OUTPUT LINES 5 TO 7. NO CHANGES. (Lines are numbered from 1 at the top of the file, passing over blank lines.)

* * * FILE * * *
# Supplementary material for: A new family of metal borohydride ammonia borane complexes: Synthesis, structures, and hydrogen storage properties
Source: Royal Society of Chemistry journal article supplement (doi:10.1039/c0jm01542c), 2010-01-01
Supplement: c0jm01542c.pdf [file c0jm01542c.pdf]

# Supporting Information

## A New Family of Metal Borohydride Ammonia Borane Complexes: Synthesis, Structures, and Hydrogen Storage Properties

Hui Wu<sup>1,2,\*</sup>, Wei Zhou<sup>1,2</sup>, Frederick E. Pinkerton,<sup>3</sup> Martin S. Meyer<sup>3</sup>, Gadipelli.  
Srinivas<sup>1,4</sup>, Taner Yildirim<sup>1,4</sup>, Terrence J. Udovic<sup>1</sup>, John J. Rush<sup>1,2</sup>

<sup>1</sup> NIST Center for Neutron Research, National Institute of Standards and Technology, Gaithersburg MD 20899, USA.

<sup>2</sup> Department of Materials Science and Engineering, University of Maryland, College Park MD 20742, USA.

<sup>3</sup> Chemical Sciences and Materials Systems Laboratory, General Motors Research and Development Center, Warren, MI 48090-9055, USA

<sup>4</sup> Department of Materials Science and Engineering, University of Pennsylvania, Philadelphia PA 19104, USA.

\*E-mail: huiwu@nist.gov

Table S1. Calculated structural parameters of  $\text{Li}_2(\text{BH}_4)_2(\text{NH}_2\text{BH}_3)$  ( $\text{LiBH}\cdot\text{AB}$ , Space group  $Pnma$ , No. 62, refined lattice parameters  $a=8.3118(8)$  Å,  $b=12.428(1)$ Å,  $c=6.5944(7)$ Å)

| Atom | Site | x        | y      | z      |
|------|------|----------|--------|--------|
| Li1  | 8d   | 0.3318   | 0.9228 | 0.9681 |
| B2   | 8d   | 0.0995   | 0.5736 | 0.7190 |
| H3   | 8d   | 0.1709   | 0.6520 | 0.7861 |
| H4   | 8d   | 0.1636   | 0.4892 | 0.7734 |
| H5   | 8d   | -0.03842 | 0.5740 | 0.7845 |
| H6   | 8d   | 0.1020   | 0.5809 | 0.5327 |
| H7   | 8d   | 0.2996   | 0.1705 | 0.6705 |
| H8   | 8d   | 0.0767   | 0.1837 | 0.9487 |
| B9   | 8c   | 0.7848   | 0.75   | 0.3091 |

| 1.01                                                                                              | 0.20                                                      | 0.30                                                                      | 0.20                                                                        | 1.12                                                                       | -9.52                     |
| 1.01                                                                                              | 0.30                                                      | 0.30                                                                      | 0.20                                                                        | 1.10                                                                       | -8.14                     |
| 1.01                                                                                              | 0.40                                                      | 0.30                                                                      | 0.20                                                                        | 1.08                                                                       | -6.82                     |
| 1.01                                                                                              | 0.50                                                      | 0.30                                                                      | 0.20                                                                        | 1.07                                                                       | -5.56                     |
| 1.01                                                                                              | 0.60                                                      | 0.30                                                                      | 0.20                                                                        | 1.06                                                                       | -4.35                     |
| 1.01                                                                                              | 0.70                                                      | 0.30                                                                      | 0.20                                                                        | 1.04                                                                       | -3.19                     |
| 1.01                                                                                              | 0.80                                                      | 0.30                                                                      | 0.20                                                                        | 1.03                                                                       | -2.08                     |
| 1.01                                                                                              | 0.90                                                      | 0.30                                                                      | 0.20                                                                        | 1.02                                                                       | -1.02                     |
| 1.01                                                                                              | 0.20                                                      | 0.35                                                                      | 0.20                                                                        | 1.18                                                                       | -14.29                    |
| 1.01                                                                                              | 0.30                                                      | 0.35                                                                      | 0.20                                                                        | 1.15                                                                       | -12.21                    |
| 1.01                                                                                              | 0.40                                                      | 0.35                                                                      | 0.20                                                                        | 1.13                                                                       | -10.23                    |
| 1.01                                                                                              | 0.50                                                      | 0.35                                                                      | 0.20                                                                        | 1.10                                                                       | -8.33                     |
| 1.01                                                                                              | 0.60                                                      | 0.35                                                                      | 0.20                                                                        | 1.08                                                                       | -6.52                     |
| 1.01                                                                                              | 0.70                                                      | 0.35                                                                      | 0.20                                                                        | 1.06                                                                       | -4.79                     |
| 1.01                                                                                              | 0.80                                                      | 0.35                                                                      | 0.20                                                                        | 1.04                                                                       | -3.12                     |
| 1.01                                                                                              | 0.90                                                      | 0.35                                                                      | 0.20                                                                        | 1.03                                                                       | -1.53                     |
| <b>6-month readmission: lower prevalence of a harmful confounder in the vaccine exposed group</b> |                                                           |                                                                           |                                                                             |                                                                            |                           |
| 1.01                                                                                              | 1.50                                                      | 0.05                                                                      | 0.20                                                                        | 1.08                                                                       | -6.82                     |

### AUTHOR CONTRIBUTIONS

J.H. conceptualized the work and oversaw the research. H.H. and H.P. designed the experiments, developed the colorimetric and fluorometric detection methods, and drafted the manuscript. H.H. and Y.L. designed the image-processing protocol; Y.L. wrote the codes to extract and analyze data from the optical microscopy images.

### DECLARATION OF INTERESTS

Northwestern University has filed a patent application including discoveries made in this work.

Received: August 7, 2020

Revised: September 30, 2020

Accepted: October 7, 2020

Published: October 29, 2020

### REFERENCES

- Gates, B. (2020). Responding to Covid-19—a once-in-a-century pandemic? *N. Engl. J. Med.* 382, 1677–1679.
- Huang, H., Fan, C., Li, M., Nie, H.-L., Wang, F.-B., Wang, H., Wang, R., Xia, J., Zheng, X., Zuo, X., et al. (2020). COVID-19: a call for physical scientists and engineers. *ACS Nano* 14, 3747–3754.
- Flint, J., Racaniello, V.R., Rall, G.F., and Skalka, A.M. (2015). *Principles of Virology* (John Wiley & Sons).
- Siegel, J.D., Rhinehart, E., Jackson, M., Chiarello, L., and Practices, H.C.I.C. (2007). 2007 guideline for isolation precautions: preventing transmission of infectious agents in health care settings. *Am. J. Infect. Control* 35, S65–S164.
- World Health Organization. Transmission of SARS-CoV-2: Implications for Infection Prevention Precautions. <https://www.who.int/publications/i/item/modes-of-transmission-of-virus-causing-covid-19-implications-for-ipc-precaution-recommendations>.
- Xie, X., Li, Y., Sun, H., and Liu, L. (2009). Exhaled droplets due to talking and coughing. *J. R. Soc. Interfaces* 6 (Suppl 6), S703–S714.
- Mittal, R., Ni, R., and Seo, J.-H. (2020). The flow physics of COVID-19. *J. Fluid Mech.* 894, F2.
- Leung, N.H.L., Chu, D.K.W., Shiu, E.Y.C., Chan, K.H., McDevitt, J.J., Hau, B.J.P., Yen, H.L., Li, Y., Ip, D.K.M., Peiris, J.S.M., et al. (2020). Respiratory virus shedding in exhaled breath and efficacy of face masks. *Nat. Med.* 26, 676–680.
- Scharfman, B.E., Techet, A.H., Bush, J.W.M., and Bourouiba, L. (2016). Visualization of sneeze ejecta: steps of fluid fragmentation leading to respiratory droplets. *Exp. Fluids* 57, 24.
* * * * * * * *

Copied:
## A New Family of Metal Borohydride Ammonia Borane Complexes: Synthesis, Structures, and Hydrogen Storage Properties

Hui Wu<sup>1,2,\*</sup>, Wei Zhou<sup>1,2</sup>, Frederick E. Pinkerton,<sup>3</sup> Martin S. Meyer<sup>3</sup>, Gadipelli.  
Srinivas<sup>1,4</sup>, Taner Yildirim<sup>1,4</sup>, Terrence J. Udovic<sup>1</sup>, John J. Rush<sup>1,2</sup>